During our time at SXSW 2012, Ricky and I were able to spend some time at the Dorkbot & ATX Hacekerspace event at SXSW Create. During our time there we met Matt Franks the Senior Interaction Designer with frog (formerly frog design). We highlighted his TRON Cycles a little bit in our SXSW recap, but Matt was nice enough to dive a little deeper into how they created this large scale version of the classic arcade game:
For the past 10 years, frog (formerly frog design) has hosted the SXSW Interactive opening party – celebrating the artistic and interactive side of cutting edge technology. This years event featured large scale physical / mechanical versions of classic arcade games and was dubbed “The Makers Arcade”.
It included our own take on the arcade game Tron. For anyone not familiar with the classic arcade game, two people race to the death in a digital arena on futuristic motorcycles. As the players travel the arena, ribbons of light trail behind their respective vehicles. The first person to hit a ribbon of light, or an arena wall, will crash their bike – ending the game.
For our version of the game, we thought it would be really funny to have grown men and women riding something that looked like an oversized big-wheel. We also wanted to explore the convergence between physical and digital game play by requiring participants to pedal their way forward in the game. This allows players to vary the speed of their bike and requires some element of endurance, drastically altering the players experience when compared to the original arcade game.
After a failed attempt at creating a fiberglass body, we used 1/2″ sheets of painted plywood to give the illusion of form and provide volume when viewing the trike at an angle. With the money we saved by ditching the fiberglass, we were able to double down on the LED’s for visual effect.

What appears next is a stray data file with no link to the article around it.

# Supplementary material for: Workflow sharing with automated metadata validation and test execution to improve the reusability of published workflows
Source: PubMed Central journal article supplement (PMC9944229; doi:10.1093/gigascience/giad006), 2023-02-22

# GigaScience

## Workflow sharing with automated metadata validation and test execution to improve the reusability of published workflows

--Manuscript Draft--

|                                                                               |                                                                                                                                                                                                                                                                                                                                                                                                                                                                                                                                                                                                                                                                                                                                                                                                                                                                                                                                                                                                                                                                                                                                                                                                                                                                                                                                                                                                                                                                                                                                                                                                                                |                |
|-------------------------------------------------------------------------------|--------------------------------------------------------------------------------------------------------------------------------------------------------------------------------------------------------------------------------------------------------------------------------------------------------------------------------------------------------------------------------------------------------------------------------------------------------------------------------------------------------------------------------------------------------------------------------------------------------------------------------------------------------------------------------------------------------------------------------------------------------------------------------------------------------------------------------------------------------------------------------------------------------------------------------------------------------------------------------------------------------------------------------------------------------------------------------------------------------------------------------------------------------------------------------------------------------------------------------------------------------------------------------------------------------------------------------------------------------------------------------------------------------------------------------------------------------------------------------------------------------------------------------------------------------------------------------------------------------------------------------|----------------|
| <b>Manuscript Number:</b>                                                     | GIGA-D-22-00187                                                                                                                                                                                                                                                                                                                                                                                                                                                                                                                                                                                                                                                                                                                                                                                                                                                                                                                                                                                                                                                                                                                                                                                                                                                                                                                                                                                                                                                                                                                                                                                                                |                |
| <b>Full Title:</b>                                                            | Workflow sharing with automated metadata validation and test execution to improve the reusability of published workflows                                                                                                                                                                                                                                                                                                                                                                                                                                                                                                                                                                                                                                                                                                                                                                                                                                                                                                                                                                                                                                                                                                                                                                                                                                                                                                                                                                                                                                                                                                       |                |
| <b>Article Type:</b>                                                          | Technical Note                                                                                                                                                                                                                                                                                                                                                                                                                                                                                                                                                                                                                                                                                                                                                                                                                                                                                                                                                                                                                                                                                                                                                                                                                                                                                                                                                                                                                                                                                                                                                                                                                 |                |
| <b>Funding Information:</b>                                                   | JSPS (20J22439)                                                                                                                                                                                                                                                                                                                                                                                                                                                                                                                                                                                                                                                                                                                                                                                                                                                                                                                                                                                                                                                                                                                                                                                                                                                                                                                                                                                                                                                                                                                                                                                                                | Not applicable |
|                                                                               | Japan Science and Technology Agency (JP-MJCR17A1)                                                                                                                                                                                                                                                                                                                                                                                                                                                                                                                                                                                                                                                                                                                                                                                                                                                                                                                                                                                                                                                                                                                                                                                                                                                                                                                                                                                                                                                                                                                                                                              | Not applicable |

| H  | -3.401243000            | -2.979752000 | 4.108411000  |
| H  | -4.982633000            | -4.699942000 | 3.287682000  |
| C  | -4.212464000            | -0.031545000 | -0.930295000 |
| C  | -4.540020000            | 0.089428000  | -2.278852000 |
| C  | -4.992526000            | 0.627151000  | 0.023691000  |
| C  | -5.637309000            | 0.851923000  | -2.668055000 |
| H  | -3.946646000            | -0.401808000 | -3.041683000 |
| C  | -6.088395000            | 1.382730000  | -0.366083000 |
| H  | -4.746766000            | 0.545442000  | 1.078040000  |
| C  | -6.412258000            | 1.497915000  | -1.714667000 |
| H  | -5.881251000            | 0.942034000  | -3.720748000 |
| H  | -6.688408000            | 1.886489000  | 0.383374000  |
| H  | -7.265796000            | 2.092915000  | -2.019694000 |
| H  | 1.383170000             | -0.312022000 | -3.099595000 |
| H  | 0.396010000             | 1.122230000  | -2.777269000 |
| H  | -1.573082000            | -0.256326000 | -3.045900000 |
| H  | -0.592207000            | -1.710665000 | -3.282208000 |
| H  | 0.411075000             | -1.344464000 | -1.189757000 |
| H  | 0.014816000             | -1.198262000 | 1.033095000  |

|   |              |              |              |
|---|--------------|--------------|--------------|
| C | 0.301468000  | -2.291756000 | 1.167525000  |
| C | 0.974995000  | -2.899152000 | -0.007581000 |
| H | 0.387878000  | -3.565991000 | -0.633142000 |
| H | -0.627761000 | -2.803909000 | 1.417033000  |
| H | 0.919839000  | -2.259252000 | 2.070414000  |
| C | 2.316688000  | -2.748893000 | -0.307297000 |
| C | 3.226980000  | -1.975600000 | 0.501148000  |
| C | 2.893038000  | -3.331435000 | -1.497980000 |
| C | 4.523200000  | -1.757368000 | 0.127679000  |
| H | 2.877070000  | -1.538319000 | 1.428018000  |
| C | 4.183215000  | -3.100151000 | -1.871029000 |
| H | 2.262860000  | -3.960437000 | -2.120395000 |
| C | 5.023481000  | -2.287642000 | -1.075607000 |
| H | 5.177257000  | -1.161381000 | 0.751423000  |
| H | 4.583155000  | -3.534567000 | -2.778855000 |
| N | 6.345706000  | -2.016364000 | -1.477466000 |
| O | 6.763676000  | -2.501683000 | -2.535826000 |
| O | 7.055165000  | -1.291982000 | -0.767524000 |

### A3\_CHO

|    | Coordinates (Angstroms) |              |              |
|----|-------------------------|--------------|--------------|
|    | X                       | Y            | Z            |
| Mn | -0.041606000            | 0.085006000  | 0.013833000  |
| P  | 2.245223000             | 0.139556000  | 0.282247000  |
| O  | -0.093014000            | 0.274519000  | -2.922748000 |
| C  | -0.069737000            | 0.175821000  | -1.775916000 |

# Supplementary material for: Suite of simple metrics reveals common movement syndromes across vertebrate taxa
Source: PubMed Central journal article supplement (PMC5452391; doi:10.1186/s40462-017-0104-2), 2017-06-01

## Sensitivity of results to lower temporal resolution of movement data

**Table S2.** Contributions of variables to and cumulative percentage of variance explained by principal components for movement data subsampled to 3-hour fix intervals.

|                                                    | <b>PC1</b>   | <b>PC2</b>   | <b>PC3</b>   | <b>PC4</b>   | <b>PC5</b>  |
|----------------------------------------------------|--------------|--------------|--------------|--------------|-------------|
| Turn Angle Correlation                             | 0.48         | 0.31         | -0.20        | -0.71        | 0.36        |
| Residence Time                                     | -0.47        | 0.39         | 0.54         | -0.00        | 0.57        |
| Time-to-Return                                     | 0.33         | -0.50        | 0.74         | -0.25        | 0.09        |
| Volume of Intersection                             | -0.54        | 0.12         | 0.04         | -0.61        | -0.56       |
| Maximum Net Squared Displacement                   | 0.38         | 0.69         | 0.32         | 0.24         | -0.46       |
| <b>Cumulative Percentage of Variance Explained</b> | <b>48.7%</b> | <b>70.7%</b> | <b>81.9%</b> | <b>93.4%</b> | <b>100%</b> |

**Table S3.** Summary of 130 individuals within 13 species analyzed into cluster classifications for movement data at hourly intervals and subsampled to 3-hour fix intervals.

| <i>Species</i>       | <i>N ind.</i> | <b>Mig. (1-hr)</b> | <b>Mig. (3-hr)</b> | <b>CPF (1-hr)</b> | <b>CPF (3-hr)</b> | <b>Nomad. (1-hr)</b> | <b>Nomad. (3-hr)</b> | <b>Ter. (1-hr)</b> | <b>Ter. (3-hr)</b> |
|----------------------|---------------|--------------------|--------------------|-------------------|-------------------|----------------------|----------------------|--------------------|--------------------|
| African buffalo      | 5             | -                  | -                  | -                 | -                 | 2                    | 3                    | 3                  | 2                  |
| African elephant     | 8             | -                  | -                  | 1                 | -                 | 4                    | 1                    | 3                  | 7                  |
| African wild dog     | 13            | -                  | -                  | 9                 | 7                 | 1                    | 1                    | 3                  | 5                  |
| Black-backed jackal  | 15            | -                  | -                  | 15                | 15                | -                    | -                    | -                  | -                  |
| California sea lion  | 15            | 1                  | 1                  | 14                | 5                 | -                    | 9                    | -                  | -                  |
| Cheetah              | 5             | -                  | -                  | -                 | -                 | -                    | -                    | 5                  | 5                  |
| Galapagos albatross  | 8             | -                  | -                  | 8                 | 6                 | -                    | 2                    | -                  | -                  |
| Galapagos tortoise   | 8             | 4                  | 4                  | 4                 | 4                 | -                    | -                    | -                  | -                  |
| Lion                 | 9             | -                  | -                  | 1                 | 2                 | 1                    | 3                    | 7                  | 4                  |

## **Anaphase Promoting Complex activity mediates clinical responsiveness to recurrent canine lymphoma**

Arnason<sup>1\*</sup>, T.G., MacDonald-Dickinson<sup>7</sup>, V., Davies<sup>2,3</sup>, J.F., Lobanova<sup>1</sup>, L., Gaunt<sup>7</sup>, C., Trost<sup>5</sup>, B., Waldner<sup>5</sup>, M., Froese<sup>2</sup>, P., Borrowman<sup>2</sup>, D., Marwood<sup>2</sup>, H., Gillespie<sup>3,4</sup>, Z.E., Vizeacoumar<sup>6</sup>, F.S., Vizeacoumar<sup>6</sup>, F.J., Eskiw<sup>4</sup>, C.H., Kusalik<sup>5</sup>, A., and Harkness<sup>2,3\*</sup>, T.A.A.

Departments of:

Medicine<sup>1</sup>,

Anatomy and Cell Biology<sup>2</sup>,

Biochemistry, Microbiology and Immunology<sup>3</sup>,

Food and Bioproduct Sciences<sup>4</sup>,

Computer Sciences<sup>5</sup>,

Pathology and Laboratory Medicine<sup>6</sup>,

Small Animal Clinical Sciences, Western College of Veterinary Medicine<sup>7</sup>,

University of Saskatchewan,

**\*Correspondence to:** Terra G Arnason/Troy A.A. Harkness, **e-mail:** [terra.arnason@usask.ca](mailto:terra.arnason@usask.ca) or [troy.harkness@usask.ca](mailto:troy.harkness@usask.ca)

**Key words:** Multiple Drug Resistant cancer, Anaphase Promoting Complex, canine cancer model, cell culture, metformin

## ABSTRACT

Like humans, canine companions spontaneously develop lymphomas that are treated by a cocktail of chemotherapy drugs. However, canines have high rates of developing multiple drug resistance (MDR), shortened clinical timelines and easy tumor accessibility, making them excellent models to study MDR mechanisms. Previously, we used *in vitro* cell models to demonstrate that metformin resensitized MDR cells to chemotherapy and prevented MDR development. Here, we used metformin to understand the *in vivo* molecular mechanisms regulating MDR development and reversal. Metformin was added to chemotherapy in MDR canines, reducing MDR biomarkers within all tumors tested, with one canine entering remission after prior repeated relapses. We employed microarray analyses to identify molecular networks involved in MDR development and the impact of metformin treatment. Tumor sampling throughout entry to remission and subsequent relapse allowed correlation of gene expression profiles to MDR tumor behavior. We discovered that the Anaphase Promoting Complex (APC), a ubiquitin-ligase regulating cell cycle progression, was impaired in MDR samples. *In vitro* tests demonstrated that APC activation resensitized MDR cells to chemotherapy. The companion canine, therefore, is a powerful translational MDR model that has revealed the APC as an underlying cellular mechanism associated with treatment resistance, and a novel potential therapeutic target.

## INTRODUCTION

The entire experiences uses Two Arduino Duemilanoves (purchased at RadioShack) to deliver data to the computer and control the ring of lights around each wheel. As the rider pedals, two rings of 12v LED’s alternate ON and OFF, creating the illusion that the wheel is spinning.
An early version of the wheel created this illusion with a relay switch. Because a relay switch is a mechanical switch, it made a really cool clicking sound as it was alternating. Unfortunately this type of switch didn’t work because it can not maintaining high frequencies (alternating ON / OFF really quickly) over time.
The frequency problem was solved by using TIP3055 NPN Transistors (from RadioShack) instead of the relay switches. The transistors work flawlessly for alternating the lights at a high frequency. Allowing us to create the illusion of speed with a stationary wheel.
The second Arduino delivers data to the computer. It is connected to a potentiometer and a reed sensor on each bicycle.
Each bicycle has a potentiometer affixed to the bottom of the handle bars. The potentiometer rotates as the rider turns the bars, sending a value to the Arduino that is interpreted as the degree of turning.
Each bicycle has two reed sensors attached to the frame, and 16 earth magnets attached to the fly wheel. As the wheel turns, the magnet trips the reed sensor, sending a pulse back to the Arduino. The Arduino uses an attach interrupt sequence to record the number of pulses ever 350 milliseconds. With this value, it is able to approximate the pedaling speed.
Why Two Arduinos? – The processor on a single arduino wasn’t fast enough to keep up with all of the sensors on both bikes and operate the transistors to create the spinning LED illusion. We used AttachInterrupt to trigger a function each time a magnet tripped the reed sensor and quickly discovered that when both bikes are being pedaled very rapidly, the Arduino will get flooded with data and locks up. So by splitting the load across two boards, we were able to stay within the processing limitations of the arduino.
The bikes are connected to the Arduinos through Cat5e cables and RJ45 jacks. This makes setup and tear down really simple.
The result is an addictive, high energy, game that is fun for the riders and the audience. Each rider has their own “over the shoulder” view, while the audience can see the classic top down view – just like the original arcade.
Here is a quick overview video and some examples of people playing:
Be sure to check out our documentary on the party & other experiences here.
A big thank you to Matt (@franknatic) for showing us how he created this addictive and high energy game. Leave a comment below and let us know what you think of this large scale game!